Project brief

Nancy Meyerson-Hess is an internationally renowned expert for clinical operations and an Associated Partner of admedicum® Business for Patients. She has cooperated directly with patients related to clinical trial design, recruitment and retention on numerous occasions.


A company plans to develop a proprietary compound for a chronic disease. For the company, it is a new therapeutic area. Planning for the clinical development program has just started. To date no one from the R&D team has had direct contacts with patients.


Finding the right way to get into contact with patients and to encourage them to share their stories with people they don’t know. 


The clinical project team wants to learn from patients about their daily life with the disease and their experience with available treatment options. They hope to learn more about the medical need the company needs to address.



A team delegate:

  • Reaches out to key opinion leaders (­­KOLs). In this case, the KOLs can’t point them to patients who would be open to speak about their disease to a group of unknown people.
  • Calls a patient organization. They are open to contact in general but suggest the company to send a written request with detail on what, where and how a meeting should take place and who should join. They will then consider to support such a meeting and check who would be best to join.
  • Talks to a patient at a conference attended by patients and patient organizations. This patient agrees to tell her patient journey to a larger group of the company. 


What went well

Going through a number of channels (KOLs, patient organization, conference) is very appropriate. Usually involved physicians and patient organizations are very helpful in making an introduction. The direct and personal contact to a patient in this case immediately opened the door to further interaction.  

What can be improved?

Although the team was very credible, transparent and engaged in seeking patient insights, they had no real action plan: their approach was not embedded into a greater plan of why to do that, what to achieve with it and how to do it. 

Modified source: EUPATI (2016): Guidance for patient involvement in ethical review of clinical trials; page 4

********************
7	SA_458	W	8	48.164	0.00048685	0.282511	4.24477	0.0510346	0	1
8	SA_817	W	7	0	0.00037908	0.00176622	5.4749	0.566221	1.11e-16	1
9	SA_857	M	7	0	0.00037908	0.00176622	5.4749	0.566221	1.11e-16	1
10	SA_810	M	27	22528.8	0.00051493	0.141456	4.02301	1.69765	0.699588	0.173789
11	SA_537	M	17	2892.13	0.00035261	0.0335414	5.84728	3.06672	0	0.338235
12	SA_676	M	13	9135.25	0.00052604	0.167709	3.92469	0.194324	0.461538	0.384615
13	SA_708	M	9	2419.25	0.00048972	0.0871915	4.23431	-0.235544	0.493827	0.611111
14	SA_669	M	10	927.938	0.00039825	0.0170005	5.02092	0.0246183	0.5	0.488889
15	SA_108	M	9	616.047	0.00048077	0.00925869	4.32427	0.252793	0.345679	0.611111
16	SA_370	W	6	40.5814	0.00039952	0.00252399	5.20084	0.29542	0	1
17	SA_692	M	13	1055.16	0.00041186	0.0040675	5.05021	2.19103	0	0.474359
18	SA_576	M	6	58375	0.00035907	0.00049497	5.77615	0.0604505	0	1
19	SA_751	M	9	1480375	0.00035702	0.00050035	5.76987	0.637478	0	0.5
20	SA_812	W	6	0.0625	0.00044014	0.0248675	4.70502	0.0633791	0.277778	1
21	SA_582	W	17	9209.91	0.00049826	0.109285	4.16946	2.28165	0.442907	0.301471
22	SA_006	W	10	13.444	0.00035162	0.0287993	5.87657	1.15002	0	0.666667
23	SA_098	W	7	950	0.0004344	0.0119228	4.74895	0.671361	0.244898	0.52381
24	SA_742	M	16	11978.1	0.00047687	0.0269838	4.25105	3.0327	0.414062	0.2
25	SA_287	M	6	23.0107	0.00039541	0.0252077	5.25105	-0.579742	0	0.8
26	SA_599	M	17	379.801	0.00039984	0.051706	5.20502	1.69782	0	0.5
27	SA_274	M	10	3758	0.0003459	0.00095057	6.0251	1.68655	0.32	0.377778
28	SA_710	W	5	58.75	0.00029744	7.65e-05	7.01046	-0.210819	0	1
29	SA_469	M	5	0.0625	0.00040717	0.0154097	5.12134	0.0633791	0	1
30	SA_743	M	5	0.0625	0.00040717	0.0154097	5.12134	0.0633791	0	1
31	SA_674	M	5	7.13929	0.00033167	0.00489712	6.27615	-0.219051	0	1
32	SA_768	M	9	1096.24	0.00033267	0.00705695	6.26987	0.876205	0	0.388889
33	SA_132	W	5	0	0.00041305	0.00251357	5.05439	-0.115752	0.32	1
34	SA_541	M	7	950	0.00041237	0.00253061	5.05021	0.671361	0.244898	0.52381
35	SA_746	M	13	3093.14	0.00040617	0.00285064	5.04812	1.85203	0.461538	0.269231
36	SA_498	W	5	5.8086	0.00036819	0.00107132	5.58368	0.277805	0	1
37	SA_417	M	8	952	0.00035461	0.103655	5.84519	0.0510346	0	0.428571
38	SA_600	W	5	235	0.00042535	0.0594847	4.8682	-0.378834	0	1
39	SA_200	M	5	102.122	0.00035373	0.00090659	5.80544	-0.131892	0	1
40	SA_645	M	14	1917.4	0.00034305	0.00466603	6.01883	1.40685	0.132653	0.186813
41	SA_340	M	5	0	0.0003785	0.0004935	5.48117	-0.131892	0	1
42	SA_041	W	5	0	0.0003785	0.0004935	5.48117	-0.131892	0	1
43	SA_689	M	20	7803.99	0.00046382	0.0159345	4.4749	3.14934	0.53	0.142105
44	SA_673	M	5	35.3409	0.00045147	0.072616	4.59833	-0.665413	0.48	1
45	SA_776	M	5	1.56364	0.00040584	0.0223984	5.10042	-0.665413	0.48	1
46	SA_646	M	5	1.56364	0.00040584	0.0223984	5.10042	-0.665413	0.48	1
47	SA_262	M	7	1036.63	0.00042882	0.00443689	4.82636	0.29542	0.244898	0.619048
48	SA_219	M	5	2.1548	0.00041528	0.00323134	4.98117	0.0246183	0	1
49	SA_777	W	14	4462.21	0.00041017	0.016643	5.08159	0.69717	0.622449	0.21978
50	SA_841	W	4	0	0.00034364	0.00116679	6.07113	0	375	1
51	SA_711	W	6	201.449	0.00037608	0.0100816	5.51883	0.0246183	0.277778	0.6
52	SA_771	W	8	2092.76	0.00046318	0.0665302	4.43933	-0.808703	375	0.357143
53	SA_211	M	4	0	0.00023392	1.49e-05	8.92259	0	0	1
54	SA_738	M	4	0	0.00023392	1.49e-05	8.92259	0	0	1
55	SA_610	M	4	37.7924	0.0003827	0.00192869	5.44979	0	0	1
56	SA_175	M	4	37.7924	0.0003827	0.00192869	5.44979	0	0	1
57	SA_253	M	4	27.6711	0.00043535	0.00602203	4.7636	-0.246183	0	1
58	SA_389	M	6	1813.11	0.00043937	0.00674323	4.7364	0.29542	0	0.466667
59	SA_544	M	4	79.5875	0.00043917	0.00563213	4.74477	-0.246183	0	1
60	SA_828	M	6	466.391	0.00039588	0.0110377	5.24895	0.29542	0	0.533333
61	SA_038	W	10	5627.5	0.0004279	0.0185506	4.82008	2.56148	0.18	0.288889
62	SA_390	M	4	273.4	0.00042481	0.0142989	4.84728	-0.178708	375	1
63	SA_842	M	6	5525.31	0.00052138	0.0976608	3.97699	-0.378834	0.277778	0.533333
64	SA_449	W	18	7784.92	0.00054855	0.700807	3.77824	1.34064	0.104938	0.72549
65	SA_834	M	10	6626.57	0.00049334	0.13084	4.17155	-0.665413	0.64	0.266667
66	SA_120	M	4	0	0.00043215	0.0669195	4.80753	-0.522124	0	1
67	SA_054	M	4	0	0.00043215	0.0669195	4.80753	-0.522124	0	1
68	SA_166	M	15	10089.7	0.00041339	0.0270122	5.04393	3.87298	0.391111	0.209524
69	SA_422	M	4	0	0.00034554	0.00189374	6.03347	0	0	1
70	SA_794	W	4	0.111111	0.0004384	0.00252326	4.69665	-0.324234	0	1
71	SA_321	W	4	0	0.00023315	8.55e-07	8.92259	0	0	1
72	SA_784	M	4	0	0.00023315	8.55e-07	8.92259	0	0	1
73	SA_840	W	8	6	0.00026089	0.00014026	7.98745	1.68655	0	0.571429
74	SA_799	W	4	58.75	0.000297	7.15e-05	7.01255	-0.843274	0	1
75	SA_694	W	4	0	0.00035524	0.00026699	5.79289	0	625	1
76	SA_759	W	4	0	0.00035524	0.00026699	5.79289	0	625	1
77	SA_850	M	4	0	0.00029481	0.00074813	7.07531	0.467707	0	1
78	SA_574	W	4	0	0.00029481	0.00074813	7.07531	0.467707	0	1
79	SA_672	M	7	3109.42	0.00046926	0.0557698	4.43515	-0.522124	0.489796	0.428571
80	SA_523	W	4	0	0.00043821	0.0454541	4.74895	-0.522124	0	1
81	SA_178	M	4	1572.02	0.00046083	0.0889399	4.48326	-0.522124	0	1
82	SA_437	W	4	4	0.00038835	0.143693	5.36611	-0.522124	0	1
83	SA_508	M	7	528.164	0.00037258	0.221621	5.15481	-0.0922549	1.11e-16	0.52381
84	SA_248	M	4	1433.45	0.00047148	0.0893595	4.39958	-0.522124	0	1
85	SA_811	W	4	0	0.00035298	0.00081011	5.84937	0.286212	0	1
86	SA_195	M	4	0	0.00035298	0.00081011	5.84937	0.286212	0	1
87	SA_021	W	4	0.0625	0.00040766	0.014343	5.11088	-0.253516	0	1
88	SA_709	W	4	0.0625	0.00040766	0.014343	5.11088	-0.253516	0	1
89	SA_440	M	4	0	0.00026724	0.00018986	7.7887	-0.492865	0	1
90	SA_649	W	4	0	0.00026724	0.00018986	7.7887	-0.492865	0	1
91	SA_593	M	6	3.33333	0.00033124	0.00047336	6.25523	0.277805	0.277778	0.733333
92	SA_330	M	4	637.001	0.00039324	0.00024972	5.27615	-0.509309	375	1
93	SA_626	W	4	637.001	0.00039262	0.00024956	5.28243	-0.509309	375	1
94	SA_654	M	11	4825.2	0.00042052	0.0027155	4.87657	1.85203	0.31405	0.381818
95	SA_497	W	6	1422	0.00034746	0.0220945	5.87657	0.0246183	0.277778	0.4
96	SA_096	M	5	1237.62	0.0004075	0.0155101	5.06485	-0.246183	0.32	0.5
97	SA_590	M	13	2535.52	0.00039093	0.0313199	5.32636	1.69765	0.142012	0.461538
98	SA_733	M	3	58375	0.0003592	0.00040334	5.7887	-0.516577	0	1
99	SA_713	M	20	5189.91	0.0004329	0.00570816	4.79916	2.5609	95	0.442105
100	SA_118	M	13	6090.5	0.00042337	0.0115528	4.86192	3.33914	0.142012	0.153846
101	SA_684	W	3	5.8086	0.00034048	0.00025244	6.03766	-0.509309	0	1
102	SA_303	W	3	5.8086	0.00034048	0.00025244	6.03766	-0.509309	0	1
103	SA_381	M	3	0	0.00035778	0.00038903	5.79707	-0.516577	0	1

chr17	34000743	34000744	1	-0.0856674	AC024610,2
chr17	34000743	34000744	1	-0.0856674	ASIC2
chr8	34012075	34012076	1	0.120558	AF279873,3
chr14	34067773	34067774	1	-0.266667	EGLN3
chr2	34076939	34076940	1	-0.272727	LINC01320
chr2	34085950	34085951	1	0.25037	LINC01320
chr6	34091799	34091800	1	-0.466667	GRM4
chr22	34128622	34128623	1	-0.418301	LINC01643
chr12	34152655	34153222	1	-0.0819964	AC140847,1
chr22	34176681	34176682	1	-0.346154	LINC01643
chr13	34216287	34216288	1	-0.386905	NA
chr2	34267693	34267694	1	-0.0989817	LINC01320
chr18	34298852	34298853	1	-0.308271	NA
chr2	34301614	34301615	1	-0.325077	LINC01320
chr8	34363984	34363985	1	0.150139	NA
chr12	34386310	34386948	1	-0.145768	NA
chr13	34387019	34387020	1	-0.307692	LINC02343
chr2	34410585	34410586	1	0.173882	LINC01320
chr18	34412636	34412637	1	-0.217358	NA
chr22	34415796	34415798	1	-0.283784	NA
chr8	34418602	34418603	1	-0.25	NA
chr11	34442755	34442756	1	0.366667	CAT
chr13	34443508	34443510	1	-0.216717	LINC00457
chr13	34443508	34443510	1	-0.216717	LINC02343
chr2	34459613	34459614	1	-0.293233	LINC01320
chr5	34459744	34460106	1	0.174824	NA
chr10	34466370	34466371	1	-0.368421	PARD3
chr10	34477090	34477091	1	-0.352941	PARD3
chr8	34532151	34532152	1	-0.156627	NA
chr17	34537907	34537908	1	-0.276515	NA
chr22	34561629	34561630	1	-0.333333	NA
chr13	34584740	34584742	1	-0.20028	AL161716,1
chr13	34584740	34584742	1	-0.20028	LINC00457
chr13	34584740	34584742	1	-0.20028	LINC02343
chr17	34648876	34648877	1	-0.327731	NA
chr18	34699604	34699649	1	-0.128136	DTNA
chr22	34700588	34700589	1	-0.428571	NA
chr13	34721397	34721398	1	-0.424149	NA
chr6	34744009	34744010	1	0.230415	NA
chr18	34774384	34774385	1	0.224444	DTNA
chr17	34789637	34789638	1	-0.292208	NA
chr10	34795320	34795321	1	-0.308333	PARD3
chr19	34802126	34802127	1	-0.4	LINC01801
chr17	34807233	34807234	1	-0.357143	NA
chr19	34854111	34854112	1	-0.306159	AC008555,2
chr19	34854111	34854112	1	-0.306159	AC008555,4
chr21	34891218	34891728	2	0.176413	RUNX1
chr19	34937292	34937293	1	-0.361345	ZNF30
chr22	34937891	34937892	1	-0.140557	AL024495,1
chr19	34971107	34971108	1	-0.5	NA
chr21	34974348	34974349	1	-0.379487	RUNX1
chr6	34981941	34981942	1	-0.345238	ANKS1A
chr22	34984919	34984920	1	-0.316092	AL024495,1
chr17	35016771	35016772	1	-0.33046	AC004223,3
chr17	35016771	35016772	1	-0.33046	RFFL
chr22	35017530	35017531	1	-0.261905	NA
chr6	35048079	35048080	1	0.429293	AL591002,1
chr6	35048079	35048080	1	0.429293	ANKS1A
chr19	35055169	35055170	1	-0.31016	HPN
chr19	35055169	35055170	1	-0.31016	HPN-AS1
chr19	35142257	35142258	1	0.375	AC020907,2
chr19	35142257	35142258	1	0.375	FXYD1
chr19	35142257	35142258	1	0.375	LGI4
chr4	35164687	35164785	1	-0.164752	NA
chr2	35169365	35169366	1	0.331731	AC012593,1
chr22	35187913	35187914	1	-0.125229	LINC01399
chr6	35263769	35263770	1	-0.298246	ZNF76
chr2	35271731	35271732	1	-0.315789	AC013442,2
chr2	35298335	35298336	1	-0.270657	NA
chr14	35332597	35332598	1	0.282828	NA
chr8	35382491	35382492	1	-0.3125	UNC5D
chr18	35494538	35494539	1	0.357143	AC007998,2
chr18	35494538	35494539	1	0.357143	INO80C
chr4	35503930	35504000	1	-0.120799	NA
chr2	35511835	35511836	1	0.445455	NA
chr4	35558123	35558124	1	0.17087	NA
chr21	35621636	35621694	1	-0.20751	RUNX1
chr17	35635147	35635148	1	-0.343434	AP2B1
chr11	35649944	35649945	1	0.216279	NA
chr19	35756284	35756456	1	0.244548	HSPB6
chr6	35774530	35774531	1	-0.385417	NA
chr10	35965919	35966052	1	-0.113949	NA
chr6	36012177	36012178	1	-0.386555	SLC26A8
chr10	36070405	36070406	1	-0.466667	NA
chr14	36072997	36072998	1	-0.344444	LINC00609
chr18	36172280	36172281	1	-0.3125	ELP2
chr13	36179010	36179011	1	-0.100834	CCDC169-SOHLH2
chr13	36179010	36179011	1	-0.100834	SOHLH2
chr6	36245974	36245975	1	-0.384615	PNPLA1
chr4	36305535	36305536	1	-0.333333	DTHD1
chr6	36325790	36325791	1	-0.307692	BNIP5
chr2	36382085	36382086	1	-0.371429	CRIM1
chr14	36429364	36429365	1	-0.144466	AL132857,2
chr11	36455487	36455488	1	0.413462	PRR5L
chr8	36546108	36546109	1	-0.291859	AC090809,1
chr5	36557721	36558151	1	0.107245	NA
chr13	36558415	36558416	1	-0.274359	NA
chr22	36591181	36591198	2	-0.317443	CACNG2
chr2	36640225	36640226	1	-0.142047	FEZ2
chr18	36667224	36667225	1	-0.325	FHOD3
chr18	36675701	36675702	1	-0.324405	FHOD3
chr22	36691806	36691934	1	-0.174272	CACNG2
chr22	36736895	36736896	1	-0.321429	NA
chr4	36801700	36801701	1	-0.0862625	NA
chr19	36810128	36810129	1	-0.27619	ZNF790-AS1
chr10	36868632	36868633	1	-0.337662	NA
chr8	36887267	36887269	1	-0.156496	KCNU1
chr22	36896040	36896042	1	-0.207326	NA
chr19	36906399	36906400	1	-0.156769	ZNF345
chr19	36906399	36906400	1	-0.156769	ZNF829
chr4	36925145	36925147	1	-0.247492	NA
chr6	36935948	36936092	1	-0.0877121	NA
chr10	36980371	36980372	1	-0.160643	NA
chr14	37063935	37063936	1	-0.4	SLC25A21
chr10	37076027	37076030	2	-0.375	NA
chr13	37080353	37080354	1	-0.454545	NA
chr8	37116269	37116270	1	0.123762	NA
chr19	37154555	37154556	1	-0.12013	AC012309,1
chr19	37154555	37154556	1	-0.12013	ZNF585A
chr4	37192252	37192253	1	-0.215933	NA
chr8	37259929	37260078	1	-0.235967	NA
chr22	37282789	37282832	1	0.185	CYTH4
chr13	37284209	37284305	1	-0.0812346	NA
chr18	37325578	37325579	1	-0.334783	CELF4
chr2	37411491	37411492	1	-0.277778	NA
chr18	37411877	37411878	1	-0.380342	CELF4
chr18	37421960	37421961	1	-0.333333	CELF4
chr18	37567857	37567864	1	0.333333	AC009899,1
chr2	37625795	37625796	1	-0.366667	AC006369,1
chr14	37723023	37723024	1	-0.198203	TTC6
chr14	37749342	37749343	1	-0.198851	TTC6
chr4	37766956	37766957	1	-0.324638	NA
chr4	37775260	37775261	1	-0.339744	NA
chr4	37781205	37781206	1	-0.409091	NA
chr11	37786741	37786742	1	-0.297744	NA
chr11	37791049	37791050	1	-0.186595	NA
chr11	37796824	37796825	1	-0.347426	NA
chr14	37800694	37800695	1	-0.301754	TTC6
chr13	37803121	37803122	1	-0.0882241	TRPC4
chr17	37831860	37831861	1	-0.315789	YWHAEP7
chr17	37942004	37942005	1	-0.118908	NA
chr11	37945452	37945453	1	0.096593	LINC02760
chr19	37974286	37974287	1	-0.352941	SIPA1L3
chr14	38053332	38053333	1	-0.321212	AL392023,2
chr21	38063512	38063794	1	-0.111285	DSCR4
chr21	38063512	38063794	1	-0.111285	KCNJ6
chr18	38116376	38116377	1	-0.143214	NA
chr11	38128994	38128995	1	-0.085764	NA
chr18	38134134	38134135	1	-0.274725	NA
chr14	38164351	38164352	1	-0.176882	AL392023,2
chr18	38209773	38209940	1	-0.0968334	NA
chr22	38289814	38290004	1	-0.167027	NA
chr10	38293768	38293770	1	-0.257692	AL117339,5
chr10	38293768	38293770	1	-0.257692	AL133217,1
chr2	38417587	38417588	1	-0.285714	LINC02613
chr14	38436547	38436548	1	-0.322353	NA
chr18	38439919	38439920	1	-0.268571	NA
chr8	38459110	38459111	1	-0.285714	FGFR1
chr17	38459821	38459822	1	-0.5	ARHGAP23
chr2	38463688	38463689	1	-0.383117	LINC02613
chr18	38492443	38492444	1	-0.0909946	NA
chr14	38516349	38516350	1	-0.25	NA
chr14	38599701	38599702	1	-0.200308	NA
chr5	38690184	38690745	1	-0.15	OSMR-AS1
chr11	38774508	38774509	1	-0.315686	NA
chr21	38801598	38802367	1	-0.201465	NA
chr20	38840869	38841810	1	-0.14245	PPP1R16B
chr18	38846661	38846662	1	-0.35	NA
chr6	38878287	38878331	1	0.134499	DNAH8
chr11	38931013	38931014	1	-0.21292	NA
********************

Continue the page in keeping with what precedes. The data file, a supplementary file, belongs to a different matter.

Considerations and recommendations

Preparing for a collaboration

Before you start engaging with patients, make a plan for the why, what and how. For first interactions, it doesn’t need to be very detailed. However, everybody in and outside your organization should be able to understand it. Be very clear on what you want and can commit to, and what not, and communicate this transparently. 

Several sources have created checklists that can be used in preparing collaborations. Two good examples are:

A master checklist based on the EUPATI and ABPI & National Voices can be found below.

Before meeting patients or even reaching out, make sure you do your homework. A considerable part of the patient experience can be found online, in communities and other places. It is important that company employees pre-read these, so as not to disappoint patients when they come and find out that the companies employees do not even know the most basic elements of the patient experience. Pre-reading also helps to formulate questions, which allow to probe deeper (and consequently understand more) than "just" open listening.

Social media screening is a powerful tool to better understand who you need to talk to and what you need to learn more about. Go to the checklist "Mapping the Patient Landscape” for broader context.

Master checklist for establishing first time contact with patients

  • Identify patients to be involved in the interaction: Tool “Patient identification” EUPATI.
  • Ask your medical advisors and KOLs for their contacts to patient organizations and patient experts, internationally, and arrange personal introductions.
  • Visit conferences with patient participation. A great conference to start with is Patients as Partners US or Europe. It is the only conference that exclusively focuses on patient-industry interaction in R&D.
  • Search patient organizations’ websites for events and ask whether you can join (important: always make yourself transparent as a Biopharma company).
  • Start with some personal conversations before moving on to group events.

  • Please realize that patients may have concerns you need to address before they feel safe enough to speak up. Also, always be aware that not every patient may be equally capable as a patient representative. There are several lines along which patients can contribute and exert their influence: Tool "Defining Patient’s Role” DIA.

Partnering With Patients in the Development and Lifecycle of Medicines, THERAPEUTIC INNOVATION & REGULATORY SCIENCE, 2015 Nov; 49(6): 929–939

Defining patient centricity with patients for patients and caregivers: a collaborative endeavor, BMJ Innovations, March 24, 2017


Preparing a collaboration

Defining the interaction

Patients, patient representatives and industry should take responsibility to ensure interactions are meaningful by clearly defined processes and actions, progressed to timelines. In addition, all participants should be prepared for the interaction. 

Prior to each interaction, agree mutually on (where applicable): 

  • The objective of project involving patients and/or areas of common interest to establish agreed structured interaction, providing all parties with necessary protection with regards to independence, privacy, confidentiality and expectations (see section 11. written agreement)
  • The type of input and mandate of the involved person
  • The tools and methods of interaction, e.g. types and frequency of meetings, ground rules, conflict resolution, evaluation
  • Desired patient / patient partner organisation to foster long-term working partnerships, with independence ensured (in scope)
  • The profile of the type of patient/s or patient representative/s to be involved and their number